Never read the reviews

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As a book author, I get my work appraised by others in public. Book reviews are part of the territory, and in the past I’ve devoured them. Recently, I received some good advice in a Twitter DM after I’d posted a frankly shocking review of my latest book.

Stop. Reading. Your. Reviews. It will not help you. The bad ones will seem worse, the good ones will never compensate. The ones from wine professionals will seem like betrayals. Trust yourself and the quality of your craftsmanship.

There’s a lot of wisdom here.

It’s really hard to take feedback, even though it can be very useful. Compliments and praise tend to wash over us – they feel delicious, but they are fleeting, finding no place to lodge. Negative comments, however, always seem to find some purchase, and they hang around for a while, and we find it very hard to let them go.

In the wine world, the strange thing is that your books are mostly reviewed by your peers. Suddenly people you know – professionally, and in many cases also socially – are evaluating your work in public. The tables are turned often: I get sent books by my colleagues for review on a regular basis.

You can learn a lot from honest, competent feedback. The thing that is hard to deal with, though, is when you feel that some of the comments weren’t made entirely in good faith. When they seem a bit mean, and even personal.

Then there’s the good old ‘shit sandwich’ review. For one reason or another, a reviewer wants to bash your book, but finds it hard simply to pen a negative review. They feel the way to justify the shit is to sandwich it neatly between two thick (and insincere) slices of praise. There’s also the give-and-take away sort of review, where someone feels that if they say something positive, they have to find a problem to counter it, for the sake of balance.

Professional jealousy is real. And it’s really hard to hide in the context of reviewing one of your colleagues’ books. It is a corrosive thread that shows up clearly in a review, even when the reviewer has been at pains to hide it, and justifies their bitter work in the name of thoroughness. When you first start out, you don’t experience professional jealousy from others: even those who have a stronger case of this than others are nice and supportive at first because you aren’t a threat. Achieve modest success and there will be people who feel that you have taken the gigs they should have had, and who are convinced they are better than you and that they are being unfairly overlooked, or who are insecure because their career has plateaued or is in decline. And your book may have been sent to them for review.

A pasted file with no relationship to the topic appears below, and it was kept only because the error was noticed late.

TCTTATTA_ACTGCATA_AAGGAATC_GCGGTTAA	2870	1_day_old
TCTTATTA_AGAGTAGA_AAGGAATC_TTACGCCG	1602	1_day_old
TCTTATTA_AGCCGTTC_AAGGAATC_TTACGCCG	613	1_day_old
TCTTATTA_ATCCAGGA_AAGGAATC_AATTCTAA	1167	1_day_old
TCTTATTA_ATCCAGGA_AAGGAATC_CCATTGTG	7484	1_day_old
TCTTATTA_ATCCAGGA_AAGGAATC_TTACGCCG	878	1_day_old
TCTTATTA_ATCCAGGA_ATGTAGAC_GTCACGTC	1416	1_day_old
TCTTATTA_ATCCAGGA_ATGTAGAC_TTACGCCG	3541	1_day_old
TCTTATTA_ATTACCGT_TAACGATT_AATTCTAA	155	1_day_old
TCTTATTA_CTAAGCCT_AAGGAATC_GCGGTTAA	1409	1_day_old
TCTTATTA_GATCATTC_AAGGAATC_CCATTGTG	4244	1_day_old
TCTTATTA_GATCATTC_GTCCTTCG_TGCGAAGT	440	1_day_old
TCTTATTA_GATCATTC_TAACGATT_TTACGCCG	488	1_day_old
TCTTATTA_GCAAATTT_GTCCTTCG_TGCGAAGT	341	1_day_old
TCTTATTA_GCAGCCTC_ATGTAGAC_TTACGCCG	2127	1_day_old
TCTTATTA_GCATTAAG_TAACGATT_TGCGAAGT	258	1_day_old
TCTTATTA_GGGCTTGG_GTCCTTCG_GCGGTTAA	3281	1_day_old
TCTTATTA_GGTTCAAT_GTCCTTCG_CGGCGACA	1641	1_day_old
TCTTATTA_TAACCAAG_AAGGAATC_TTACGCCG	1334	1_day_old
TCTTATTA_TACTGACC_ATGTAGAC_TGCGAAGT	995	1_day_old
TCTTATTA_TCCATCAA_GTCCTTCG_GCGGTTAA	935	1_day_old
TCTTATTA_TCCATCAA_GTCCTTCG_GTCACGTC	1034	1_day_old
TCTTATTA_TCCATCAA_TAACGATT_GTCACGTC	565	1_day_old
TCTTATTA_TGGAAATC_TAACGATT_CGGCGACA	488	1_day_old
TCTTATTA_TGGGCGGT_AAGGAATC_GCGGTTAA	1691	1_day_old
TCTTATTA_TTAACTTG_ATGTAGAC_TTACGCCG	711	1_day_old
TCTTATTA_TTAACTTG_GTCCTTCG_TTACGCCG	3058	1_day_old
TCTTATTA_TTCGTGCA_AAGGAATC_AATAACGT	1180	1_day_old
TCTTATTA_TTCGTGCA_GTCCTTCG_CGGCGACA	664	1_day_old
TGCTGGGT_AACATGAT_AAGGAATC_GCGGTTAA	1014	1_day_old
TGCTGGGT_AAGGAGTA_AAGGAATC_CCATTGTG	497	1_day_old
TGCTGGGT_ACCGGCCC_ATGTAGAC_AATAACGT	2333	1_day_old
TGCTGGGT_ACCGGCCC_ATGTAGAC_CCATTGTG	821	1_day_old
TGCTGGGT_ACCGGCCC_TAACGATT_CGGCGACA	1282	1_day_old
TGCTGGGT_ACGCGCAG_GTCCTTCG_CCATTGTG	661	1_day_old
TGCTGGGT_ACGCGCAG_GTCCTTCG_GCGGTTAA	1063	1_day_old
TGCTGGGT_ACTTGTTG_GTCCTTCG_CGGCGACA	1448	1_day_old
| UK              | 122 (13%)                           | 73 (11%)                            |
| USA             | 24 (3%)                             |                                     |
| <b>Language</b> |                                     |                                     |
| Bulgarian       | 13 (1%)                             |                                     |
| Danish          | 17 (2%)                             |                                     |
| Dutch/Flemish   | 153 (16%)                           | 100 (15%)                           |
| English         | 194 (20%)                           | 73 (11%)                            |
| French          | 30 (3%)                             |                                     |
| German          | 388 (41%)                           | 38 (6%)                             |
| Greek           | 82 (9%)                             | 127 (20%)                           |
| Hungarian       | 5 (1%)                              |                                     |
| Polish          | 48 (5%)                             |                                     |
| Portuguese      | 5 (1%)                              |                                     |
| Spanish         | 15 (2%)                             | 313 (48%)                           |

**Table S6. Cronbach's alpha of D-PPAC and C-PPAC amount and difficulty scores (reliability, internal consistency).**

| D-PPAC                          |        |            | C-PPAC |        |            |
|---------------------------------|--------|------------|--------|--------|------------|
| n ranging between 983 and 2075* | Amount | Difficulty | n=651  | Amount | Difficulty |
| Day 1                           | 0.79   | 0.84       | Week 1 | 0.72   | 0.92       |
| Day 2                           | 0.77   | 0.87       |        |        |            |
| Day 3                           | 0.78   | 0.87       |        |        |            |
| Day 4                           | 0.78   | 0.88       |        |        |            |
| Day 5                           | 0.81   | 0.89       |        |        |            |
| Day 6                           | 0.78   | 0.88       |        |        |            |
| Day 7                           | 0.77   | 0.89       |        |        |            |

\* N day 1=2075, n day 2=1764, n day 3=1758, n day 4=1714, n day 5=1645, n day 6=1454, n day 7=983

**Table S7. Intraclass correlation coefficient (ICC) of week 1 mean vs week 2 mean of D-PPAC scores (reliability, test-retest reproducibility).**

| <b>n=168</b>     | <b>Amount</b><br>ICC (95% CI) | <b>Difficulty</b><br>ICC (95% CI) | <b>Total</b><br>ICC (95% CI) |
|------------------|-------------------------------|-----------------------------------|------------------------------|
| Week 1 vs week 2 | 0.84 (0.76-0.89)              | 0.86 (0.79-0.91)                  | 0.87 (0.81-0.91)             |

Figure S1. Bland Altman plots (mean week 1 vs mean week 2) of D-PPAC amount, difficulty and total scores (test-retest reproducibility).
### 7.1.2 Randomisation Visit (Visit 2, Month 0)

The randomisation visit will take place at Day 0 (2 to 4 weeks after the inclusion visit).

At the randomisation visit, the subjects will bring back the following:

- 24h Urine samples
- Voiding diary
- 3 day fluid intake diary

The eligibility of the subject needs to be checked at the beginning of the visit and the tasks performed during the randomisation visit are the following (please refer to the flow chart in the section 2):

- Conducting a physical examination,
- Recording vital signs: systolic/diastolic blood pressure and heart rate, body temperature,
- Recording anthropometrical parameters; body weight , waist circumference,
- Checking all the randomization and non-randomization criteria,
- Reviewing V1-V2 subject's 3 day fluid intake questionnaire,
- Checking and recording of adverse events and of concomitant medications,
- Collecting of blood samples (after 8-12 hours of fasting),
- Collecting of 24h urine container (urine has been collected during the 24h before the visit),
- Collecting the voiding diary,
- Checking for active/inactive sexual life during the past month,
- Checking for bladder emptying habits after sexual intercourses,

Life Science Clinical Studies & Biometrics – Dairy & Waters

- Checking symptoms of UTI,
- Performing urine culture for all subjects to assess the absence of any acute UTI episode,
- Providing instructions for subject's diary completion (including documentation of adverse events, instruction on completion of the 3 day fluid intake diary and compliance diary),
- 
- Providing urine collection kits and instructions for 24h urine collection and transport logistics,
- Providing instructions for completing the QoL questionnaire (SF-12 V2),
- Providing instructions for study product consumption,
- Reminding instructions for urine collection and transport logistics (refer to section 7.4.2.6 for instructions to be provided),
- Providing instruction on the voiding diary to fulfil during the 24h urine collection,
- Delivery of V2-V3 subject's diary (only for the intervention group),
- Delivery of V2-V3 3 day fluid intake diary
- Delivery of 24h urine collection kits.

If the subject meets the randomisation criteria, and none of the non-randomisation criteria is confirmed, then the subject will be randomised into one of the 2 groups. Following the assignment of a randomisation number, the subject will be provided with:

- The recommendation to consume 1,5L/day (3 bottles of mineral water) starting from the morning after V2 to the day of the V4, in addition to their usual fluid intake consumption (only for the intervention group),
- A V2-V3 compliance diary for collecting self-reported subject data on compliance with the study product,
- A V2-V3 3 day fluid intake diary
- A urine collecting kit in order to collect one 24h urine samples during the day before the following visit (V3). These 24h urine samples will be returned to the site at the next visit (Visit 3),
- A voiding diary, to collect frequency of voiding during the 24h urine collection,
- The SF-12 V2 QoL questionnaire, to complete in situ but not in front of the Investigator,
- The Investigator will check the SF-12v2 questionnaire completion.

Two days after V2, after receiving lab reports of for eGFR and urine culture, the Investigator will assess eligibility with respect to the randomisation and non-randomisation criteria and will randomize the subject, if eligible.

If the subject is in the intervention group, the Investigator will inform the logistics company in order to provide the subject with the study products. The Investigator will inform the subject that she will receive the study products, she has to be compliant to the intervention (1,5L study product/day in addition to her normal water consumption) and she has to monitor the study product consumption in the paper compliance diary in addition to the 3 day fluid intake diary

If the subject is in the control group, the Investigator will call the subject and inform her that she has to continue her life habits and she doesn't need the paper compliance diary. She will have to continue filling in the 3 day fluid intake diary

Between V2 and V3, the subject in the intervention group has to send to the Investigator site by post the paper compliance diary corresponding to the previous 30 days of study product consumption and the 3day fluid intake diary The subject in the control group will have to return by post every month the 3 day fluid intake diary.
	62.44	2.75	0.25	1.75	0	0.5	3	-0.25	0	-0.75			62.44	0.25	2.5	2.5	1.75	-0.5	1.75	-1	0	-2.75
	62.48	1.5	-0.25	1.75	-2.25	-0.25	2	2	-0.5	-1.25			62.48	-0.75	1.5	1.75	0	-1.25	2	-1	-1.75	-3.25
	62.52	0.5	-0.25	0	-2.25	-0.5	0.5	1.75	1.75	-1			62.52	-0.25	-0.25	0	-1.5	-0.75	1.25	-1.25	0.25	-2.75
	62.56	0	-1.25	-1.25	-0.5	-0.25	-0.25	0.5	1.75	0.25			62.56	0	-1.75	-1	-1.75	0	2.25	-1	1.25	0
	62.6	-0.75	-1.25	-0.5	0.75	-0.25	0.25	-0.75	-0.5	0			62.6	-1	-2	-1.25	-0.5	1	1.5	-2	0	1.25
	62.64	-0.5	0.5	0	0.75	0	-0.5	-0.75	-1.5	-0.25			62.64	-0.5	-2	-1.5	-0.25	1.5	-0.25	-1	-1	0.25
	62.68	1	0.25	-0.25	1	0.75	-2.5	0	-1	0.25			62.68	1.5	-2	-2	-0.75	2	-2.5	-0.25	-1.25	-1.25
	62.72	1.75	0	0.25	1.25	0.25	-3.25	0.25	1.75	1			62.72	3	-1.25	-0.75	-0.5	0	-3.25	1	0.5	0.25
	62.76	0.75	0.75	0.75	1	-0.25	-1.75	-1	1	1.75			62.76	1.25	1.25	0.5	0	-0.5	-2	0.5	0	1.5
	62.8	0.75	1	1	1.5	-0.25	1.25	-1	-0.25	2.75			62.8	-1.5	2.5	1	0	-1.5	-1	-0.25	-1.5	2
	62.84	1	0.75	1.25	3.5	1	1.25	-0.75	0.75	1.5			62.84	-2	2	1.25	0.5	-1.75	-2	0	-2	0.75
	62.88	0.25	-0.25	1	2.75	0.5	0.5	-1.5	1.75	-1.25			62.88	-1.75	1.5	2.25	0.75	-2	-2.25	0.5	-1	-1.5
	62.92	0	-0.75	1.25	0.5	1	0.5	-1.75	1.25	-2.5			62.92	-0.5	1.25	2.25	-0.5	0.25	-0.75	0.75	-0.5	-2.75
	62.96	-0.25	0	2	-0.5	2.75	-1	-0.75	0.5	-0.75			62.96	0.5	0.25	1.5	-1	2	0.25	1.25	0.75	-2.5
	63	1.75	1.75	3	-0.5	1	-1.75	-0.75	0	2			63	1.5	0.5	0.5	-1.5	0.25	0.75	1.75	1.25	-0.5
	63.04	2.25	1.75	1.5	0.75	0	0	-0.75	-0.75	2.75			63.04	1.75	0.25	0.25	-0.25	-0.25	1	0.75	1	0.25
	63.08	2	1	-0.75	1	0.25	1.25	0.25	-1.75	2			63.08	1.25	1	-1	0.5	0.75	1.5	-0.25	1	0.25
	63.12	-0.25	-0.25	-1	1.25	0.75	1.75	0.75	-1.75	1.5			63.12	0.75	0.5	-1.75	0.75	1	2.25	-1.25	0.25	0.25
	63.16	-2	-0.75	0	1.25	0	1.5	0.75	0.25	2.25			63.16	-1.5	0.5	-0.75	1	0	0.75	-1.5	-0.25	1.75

I have written a range of books, now. They’ve been really well received, some have won awards, others have been shortlisted for awards, and I’m happy with all of them. With my latest book I took a risk, though. It’s deliberately provocative. It’s opinionated. It is quite personal. And when I was writing it, I wasn’t sure it would ever be published. My expectation was that some people would love it, and some would hate it. And it’s no surprise that while most reviews are positive, there have been some rather mean ones. It’s a smart book for smart people – thinkers. It’s not for everyone.

This is where the advice above comes in useful.

How should we deal with criticism? Even where the criticism is mean, there is often something to be learned. The first thing is to never complain and never explain: Disraeli was right. Then, try to step back and see, whether in the midst of the negative sentiments, there is some truth. There may not be, but considering the possibility is a wise path to take.

My first book, Wine Science, was sent out for academic review by the co-publisher, University of California Press. The UK publisher, Mitchell Beazley, already had the book at proof stage (they had no idea that UC Press got all their books peer reviewed). Much to the alarm of both parties, the two scientists who reviewed the book hated it, and recommended an extensive revision.

They wanted it to be more like an academic book – effectively a textbook. Their guidelines went so far as to even suggest a revised chapter list. The whole project was in jeopardy.

I was called to a meeting with both publishers. Normally, in these situations, you’d revise the book in line with the reviewers’ recommendations. You might not make all their suggested changes, but you’d take on board many of them. I decided I wasn’t going to change anything. This was my book, and I’d deliberately written it to be more a story book packed with examples, exploring the interesting side of wine science, rather than anything looking like a textbook. To make changes would have been to take something away from this vision. It would have diminished the book.

I pled my case well, I think, because the publishers were convinced. The reviewers had got it wrong. They asked me for suggestions of two other scientists who could review the book, and their reports were very positive, and publication went ahead. The book has done really well, and the third edition is soon to appear.

I hope my manifesto will do well. I’m happy with it. It’s not a perfect book, but it’s just right. It is what it is, and I’ll try my best not to read any more reviews of it.

wine journalist and flavour obsessive

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